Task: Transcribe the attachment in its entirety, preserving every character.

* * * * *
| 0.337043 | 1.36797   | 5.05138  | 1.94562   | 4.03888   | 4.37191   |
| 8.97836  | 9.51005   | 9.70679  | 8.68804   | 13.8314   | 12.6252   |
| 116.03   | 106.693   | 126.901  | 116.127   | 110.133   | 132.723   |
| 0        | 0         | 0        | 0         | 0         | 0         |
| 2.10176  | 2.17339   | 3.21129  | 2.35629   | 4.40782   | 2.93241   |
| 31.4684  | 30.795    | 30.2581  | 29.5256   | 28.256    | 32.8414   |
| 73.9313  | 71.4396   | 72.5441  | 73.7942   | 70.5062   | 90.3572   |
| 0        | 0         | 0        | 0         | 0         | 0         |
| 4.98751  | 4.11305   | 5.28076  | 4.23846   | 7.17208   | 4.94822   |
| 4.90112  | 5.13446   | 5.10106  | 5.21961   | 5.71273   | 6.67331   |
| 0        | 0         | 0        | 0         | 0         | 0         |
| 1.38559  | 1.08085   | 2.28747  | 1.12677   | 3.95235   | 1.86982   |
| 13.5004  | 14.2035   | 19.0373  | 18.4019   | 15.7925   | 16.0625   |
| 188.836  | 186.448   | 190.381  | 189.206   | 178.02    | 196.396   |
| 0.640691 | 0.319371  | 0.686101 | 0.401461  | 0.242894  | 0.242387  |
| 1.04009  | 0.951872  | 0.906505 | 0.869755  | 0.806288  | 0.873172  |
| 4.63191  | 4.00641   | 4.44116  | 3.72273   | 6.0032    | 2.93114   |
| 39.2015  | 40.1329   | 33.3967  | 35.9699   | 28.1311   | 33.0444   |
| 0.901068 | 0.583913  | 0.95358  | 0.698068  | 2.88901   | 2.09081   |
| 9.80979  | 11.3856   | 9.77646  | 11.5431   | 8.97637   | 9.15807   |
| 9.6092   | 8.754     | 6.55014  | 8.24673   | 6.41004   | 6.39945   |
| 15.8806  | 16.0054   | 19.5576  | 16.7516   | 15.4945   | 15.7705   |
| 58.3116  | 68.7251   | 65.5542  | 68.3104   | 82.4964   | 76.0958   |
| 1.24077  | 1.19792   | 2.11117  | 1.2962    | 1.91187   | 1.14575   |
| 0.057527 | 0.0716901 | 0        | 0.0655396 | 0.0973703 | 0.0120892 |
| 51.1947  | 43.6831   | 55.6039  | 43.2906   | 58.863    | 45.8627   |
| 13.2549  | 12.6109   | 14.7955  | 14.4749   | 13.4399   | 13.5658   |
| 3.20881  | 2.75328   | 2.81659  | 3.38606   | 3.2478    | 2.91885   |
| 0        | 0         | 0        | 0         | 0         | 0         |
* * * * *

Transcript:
| 0.337043 | 1.36797   | 5.05138  | 1.94562   | 4.03888   | 4.37191   |
| 8.97836  | 9.51005   | 9.70679  | 8.68804   | 13.8314   | 12.6252   |
| 116.03   | 106.693   | 126.901  | 116.127   | 110.133   | 132.723   |
| 0        | 0         | 0        | 0         | 0         | 0         |
| 2.10176  | 2.17339   | 3.21129  | 2.35629   | 4.40782   | 2.93241   |
| 31.4684  | 30.795    | 30.2581  | 29.5256   | 28.256    | 32.8414   |
| 73.9313  | 71.4396   | 72.5441  | 73.7942   | 70.5062   | 90.3572   |
| 0        | 0         | 0        | 0         | 0         | 0         |
| 4.98751  | 4.11305   | 5.28076  | 4.23846   | 7.17208   | 4.94822   |
| 4.90112  | 5.13446   | 5.10106  | 5.21961   | 5.71273   | 6.67331   |
| 0        | 0         | 0        | 0         | 0         | 0         |
| 1.38559  | 1.08085   | 2.28747  | 1.12677   | 3.95235   | 1.86982   |
| 13.5004  | 14.2035   | 19.0373  | 18.4019   | 15.7925   | 16.0625   |
| 188.836  | 186.448   | 190.381  | 189.206   | 178.02    | 196.396   |
| 0.640691 | 0.319371  | 0.686101 | 0.401461  | 0.242894  | 0.242387  |
| 1.04009  | 0.951872  | 0.906505 | 0.869755  | 0.806288  | 0.873172  |
| 4.63191  | 4.00641   | 4.44116  | 3.72273   | 6.0032    | 2.93114   |
| 39.2015  | 40.1329   | 33.3967  | 35.9699   | 28.1311   | 33.0444   |
| 0.901068 | 0.583913  | 0.95358  | 0.698068  | 2.88901   | 2.09081   |
| 9.80979  | 11.3856   | 9.77646  | 11.5431   | 8.97637   | 9.15807   |
| 9.6092   | 8.754     | 6.55014  | 8.24673   | 6.41004   | 6.39945   |
| 15.8806  | 16.0054   | 19.5576  | 16.7516   | 15.4945   | 15.7705   |
| 58.3116  | 68.7251   | 65.5542  | 68.3104   | 82.4964   | 76.0958   |
| 1.24077  | 1.19792   | 2.11117  | 1.2962    | 1.91187   | 1.14575   |
| 0.057527 | 0.0716901 | 0        | 0.0655396 | 0.0973703 | 0.0120892 |
| 51.1947  | 43.6831   | 55.6039  | 43.2906   | 58.863    | 45.8627   |
| 13.2549  | 12.6109   | 14.7955  | 14.4749   | 13.4399   | 13.5658   |
| 3.20881  | 2.75328   | 2.81659  | 3.38606   | 3.2478    | 2.91885   |
| 0        | 0         | 0        | 0         | 0         | 0         |